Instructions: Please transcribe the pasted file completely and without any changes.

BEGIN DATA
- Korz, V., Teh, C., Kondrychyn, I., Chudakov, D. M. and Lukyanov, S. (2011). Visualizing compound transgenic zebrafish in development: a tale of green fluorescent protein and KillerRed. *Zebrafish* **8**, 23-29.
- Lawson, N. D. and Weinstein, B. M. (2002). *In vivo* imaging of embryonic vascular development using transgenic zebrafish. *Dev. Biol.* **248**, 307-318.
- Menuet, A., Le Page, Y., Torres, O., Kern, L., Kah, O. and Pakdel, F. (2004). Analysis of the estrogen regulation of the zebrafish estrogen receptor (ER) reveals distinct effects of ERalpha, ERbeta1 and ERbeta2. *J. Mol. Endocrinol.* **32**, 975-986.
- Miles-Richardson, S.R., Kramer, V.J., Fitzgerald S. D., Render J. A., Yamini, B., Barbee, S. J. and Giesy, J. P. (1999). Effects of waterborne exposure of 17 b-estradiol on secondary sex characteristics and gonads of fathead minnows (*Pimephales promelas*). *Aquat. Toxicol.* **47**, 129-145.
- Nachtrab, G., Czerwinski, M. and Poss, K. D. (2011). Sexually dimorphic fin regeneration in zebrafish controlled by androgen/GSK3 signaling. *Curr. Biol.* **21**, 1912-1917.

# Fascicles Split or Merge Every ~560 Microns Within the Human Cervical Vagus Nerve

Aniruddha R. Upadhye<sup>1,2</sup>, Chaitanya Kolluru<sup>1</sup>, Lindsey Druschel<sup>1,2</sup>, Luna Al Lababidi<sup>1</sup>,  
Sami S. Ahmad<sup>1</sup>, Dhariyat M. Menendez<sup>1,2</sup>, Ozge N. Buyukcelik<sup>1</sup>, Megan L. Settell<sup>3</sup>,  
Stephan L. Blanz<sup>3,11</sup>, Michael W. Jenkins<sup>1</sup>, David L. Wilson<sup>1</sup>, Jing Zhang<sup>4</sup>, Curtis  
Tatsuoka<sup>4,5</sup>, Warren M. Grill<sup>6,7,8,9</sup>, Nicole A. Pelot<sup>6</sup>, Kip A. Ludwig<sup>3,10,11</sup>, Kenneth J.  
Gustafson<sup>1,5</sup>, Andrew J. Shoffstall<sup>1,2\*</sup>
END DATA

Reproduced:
- Korz, V., Teh, C., Kondrychyn, I., Chudakov, D. M. and Lukyanov, S. (2011). Visualizing compound transgenic zebrafish in development: a tale of green fluorescent protein and KillerRed. *Zebrafish* **8**, 23-29.
- Lawson, N. D. and Weinstein, B. M. (2002). *In vivo* imaging of embryonic vascular development using transgenic zebrafish. *Dev. Biol.* **248**, 307-318.
- Menuet, A., Le Page, Y., Torres, O., Kern, L., Kah, O. and Pakdel, F. (2004). Analysis of the estrogen regulation of the zebrafish estrogen receptor (ER) reveals distinct effects of ERalpha, ERbeta1 and ERbeta2. *J. Mol. Endocrinol.* **32**, 975-986.
- Miles-Richardson, S.R., Kramer, V.J., Fitzgerald S. D., Render J. A., Yamini, B., Barbee, S. J. and Giesy, J. P. (1999). Effects of waterborne exposure of 17 b-estradiol on secondary sex characteristics and gonads of fathead minnows (*Pimephales promelas*). *Aquat. Toxicol.* **47**, 129-145.
- Nachtrab, G., Czerwinski, M. and Poss, K. D. (2011). Sexually dimorphic fin regeneration in zebrafish controlled by androgen/GSK3 signaling. *Curr. Biol.* **21**, 1912-1917.

# Fascicles Split or Merge Every ~560 Microns Within the Human Cervical Vagus Nerve

Aniruddha R. Upadhye<sup>1,2</sup>, Chaitanya Kolluru<sup>1</sup>, Lindsey Druschel<sup>1,2</sup>, Luna Al Lababidi<sup>1</sup>,  
Sami S. Ahmad<sup>1</sup>, Dhariyat M. Menendez<sup>1,2</sup>, Ozge N. Buyukcelik<sup>1</sup>, Megan L. Settell<sup>3</sup>,  
Stephan L. Blanz<sup>3,11</sup>, Michael W. Jenkins<sup>1</sup>, David L. Wilson<sup>1</sup>, Jing Zhang<sup>4</sup>, Curtis  
Tatsuoka<sup>4,5</sup>, Warren M. Grill<sup>6,7,8,9</sup>, Nicole A. Pelot<sup>6</sup>, Kip A. Ludwig<sup>3,10,11</sup>, Kenneth J.  
Gustafson<sup>1,5</sup>, Andrew J. Shoffstall<sup>1,2\*</sup>